Posts tagged with “Kolmanskop”

Namibia Tour 2017 – Part 2

Tuesday, 18 July, 2017


Mariki was up early to climb the rocky koppie just meters away from Zum Anker.  It provided a nice bird’s eye view of Luderitz.

We were the only newbies to Luderitz.  As the rest of the touring group had all previously done Kolmanskop, we went there on our own.  This was one of the two primary objectives of my tour, and we did not intend missing this.

Due to high numbers of tourists, we were divided in three groups.  English, German, and Afrikaans.  Our guide was very knowledgeable, and her presentation very good.   Space would preclude a complete rundown of the history of Kolmanskop, but you can read more about it at

But in short, diamonds were found there in 1908.  It was so prevalent that it was picked up in jars, even at night with diamonds identifiable in the moonlight.  Amazingly, each house in Kolmanskop at that time had electricity and a telephone, with ice blocks being delivered to each house every morning to be used in the “top loader” fridges to cool down food.  The complex even sported a pool which looked about25m x 25m and about 3m deep.  However, in 1928 even richer diamond deposits were found at Oranjemund, and everyone then flocked there, simply leaving their homes at Kolmanskop.  Easy come easy go, I guess.


I’d prefer not to stay in this one.

The railway line between Luderitz and Aus, which had been in rehabilitation for more than ten years now, had been built at that time within an amazing ten months by 1908.  It is scheduled to re-open again this year.   It seems like an uphill battle, though, as there are places where whole sand dunes became settled across the tracks.

Johnie hoped to go on a tour to Bogenfels, but apparently these tours require two days’ notice, for which we did not have sufficient time.  We took a drive around the Luderitz peninsula, instead.  We managed to see Kleiner Bogenfels,

and also went down to one of two fjords.  The rather bad smaller roads caused us to thereafter rather aim for Diaz point, where the wind was blowing that I believe would meet the criteria of “fresh”.  Sommer very fresh.

Water over a troubled bridge?

Down below from Diaz cross a young man had a spot of bother with his Nissan bakkie.  After a picnic with his girlfriend, he got stuck.  Under Rosie’s command those of us close enough not to be able to ignore his plight, were all commanded to assist in pushing the bakkie back to dry ground.

It turned out that, independent of our group, my remaining brother also arrived in Luderitz sometime during the day.  Just after dark we happened to pass each other on the road, and he recognized my vehicle.  Well, he should, I would think.  I’ve had it for the past 17 years.

I took him along to Barrels, where the rest of our crowd already convened for dinner.

We might have arrived there a bit late, as the place was full, and we were taken through the kitchen to what seems to be a breakfast corner. This was a lot quieter than the hustle and bustle of the main restaurant and bar.   We also met up again with the gentleman with the Nissan.  He still had the same girlfriend.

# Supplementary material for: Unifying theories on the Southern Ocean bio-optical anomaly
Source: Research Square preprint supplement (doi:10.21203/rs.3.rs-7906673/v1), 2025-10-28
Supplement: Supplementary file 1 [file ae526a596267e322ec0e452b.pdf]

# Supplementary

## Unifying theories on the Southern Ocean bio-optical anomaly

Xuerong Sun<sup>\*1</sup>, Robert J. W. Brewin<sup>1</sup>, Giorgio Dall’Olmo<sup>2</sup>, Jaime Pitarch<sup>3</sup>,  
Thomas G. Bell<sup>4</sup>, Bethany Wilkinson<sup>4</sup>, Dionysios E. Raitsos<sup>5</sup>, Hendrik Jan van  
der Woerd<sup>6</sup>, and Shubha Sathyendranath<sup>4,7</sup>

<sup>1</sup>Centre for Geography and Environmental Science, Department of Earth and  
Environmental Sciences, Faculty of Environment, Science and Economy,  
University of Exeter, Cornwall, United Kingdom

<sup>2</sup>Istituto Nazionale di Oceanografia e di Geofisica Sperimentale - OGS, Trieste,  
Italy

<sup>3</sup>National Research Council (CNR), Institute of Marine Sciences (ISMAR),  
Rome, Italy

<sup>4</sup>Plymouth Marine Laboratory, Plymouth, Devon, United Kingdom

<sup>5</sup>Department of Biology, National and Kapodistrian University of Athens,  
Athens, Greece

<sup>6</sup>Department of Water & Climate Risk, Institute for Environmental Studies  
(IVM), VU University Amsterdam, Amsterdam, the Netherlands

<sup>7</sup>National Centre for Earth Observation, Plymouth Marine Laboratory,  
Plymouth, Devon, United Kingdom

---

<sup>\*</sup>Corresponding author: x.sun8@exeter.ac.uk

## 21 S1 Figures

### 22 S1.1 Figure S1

We had to wait rather long for our food, but we were advised that, due to the popularity of the place, if you’re not there by six in the evening, this is bound to happen.   We in any event were not in a hurry.


Day three    

The horses of Aus, Tiras Mountains, Gunsbewys

We could once again get on the road fairly quickly, as we only had to pack our bags, with all the camping stuff having remained in the bakkie for the two nights we stayed at Zum Anker.

Before we left we visited the campsite at Shark Island.  It looked rather nice, but I understand Shark Island (as the rest of Luderitz) to have a bit of a reputation for being windy.  Shark Island was a concentration camp between 1905 and 1907 where Nama and Herero prisoners were held.  A monument with several plaques had been set up to commemorate a rather grisly bit of genocidal history.

[Picture:  Mariki Stassen]

Now having mobile phone contact with each other, we left before the rest of the convoy.  Apart from Kolmanskop, the feral horses of Aus were the other item high on our bucket list and we wanted to spend time at the Garub viewpoint about 20km’s before Aus.

The history of these horses is unclear.  Different theories had been put forward, such as that the horses came from the Duwiseb breeding station, that they originated from a 19th century cargo ship, or that they became scattered from South African Expeditiary Forces during the first World War.  Whatever their origin, they adapted to the harsh environment.

Due to ongoing drought (now apparently in its fourth year) steps had been taken to provide limited support of the horses in terms of feeding and water.   More information could be found at

When we got to the viewpoint, two rather lame and skinny horses were hanging around.  They came to within touching distance of us, but remained wary.

[Picture: Mariki Stassen]

We overlooked the plain below where a number of Gemsbok could be seen.

Shortly thereafter more horses approached the water hole, and some came up to the viewpoint.  At one stage a mare approached the viewpoint, causing a flurry of two other mares neighing and rearing, with one of them then departing.  The remaining two mares then came together, necking each other.

This was really a site worthwhile spending time at.

The rest of our convoy joined us, and from there we departed for Aus.  This was our first hot day with temperatures measuring 32 degrees.

I had to fill the bakkie up at Aus.  We in any event had to go back to the shop at the garage just to check on something.  When we passed through on our way to Luderitz, I took a travel brochure from the magazine rack.  Going through it in Luderitz, however, I spotted what seemed like a price on the back cover of the book, …